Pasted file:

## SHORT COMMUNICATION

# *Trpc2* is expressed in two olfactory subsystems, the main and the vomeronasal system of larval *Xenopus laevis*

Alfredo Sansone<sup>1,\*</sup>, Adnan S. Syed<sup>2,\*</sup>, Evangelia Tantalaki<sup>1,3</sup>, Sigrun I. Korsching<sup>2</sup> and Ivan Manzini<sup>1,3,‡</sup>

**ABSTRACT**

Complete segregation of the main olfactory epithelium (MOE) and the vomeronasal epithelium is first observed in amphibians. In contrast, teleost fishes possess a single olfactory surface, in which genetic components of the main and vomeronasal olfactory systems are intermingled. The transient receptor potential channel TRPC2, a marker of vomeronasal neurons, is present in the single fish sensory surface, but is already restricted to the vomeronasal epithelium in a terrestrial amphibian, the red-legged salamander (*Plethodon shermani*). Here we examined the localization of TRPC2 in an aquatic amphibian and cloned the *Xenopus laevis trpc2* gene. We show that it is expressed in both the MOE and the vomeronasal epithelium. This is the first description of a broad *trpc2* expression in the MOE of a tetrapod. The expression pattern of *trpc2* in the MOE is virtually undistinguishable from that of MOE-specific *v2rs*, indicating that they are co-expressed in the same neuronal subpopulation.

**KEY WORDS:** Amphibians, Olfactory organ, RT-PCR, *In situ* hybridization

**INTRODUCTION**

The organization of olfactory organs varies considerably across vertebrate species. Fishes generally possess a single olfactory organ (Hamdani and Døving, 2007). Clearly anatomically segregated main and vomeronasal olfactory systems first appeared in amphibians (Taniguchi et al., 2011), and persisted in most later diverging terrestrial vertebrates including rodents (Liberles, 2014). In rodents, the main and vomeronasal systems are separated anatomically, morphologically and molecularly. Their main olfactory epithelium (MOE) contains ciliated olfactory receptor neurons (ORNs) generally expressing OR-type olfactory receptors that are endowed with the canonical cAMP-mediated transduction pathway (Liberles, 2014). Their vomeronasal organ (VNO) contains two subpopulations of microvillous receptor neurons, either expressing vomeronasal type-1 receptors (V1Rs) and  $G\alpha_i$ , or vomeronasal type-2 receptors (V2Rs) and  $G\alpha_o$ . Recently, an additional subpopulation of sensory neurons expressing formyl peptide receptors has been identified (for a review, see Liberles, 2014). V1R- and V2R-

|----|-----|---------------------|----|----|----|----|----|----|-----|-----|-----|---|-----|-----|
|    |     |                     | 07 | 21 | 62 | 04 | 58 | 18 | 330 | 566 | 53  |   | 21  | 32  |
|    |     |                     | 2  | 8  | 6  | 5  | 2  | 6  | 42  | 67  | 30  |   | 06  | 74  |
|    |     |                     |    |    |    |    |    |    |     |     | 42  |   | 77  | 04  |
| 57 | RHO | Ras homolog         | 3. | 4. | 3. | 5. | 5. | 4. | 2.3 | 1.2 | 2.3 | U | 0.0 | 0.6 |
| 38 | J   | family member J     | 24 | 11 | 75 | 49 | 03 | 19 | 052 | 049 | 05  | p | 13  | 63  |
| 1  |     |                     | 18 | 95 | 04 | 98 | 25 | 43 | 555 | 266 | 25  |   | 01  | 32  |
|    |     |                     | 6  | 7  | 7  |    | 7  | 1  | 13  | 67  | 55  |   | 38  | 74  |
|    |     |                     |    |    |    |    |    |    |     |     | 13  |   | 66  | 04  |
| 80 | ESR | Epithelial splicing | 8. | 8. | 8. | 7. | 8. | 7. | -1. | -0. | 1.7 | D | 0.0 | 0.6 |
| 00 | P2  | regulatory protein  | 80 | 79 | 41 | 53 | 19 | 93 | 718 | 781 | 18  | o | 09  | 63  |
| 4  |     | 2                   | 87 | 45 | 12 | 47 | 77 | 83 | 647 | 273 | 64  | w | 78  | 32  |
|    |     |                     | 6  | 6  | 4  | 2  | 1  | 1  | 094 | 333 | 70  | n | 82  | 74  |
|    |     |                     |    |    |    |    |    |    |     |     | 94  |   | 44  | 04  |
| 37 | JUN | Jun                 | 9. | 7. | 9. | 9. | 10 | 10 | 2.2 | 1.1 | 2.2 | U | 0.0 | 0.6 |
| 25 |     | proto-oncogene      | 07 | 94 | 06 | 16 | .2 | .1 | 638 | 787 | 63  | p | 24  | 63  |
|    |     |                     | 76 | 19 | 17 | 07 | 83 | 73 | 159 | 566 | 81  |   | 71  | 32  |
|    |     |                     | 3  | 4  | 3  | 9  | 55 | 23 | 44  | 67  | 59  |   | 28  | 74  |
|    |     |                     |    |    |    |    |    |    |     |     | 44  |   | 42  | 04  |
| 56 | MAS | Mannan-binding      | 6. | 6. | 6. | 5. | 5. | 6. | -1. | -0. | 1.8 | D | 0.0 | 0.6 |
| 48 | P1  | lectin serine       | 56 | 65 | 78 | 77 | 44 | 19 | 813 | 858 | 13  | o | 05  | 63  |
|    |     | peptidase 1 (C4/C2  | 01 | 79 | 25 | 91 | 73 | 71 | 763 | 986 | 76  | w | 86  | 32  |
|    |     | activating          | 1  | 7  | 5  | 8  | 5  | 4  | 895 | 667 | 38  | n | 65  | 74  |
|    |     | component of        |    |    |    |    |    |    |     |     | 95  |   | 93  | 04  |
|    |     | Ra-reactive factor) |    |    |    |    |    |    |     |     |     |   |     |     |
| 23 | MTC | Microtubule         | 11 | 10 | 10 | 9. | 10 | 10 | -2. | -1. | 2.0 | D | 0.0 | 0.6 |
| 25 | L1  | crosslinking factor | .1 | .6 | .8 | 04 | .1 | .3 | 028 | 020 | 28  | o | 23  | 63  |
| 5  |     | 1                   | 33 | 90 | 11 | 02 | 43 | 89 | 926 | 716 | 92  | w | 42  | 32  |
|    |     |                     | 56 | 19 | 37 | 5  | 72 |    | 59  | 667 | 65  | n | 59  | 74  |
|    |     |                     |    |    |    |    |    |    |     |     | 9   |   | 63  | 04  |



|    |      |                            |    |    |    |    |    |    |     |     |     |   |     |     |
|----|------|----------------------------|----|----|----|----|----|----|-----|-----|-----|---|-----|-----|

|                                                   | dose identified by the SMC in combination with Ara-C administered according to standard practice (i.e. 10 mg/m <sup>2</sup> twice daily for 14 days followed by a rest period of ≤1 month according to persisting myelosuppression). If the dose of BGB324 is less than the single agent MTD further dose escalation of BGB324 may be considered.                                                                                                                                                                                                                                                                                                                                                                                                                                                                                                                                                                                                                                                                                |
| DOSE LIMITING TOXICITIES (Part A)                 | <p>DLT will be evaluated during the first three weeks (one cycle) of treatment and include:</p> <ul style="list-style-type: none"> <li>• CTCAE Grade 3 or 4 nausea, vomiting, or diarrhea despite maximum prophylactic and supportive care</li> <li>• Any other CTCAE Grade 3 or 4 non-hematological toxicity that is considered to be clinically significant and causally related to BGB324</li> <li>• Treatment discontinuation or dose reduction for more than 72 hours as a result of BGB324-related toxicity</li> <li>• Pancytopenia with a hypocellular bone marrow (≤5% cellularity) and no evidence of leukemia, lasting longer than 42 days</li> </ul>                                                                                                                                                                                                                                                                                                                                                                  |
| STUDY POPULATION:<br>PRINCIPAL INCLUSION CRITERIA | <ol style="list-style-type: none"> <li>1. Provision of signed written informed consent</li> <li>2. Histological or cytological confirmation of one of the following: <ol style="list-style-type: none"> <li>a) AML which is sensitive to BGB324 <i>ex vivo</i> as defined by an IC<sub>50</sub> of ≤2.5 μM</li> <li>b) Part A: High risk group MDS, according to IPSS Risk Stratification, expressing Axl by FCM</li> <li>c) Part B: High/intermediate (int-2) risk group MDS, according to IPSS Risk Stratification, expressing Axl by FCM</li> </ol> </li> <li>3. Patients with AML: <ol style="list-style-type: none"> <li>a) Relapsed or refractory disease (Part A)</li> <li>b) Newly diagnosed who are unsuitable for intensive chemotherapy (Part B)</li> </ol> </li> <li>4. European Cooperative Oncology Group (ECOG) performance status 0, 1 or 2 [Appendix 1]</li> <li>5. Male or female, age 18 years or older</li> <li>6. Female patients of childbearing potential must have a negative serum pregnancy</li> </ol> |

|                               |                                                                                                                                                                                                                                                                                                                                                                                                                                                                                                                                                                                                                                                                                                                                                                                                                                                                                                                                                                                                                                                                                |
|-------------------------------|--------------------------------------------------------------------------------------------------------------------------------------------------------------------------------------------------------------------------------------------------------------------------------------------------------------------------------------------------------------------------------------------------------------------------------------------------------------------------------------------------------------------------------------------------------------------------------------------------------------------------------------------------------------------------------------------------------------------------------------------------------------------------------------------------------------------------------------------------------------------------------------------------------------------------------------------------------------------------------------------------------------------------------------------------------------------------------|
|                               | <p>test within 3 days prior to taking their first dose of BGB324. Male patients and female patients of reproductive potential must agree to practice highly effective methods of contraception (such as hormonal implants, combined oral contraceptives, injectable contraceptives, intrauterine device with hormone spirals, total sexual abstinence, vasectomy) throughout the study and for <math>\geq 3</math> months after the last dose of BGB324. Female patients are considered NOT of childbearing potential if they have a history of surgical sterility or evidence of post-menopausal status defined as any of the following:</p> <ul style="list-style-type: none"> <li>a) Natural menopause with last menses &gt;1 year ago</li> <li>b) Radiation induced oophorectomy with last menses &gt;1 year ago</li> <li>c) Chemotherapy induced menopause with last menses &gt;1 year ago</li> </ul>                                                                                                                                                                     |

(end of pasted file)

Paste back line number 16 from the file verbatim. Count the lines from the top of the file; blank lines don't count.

|    |     |                     | 6  | 7  | 7  |    | 7  | 1  | 13  | 67  | 55  |   | 38  | 74  |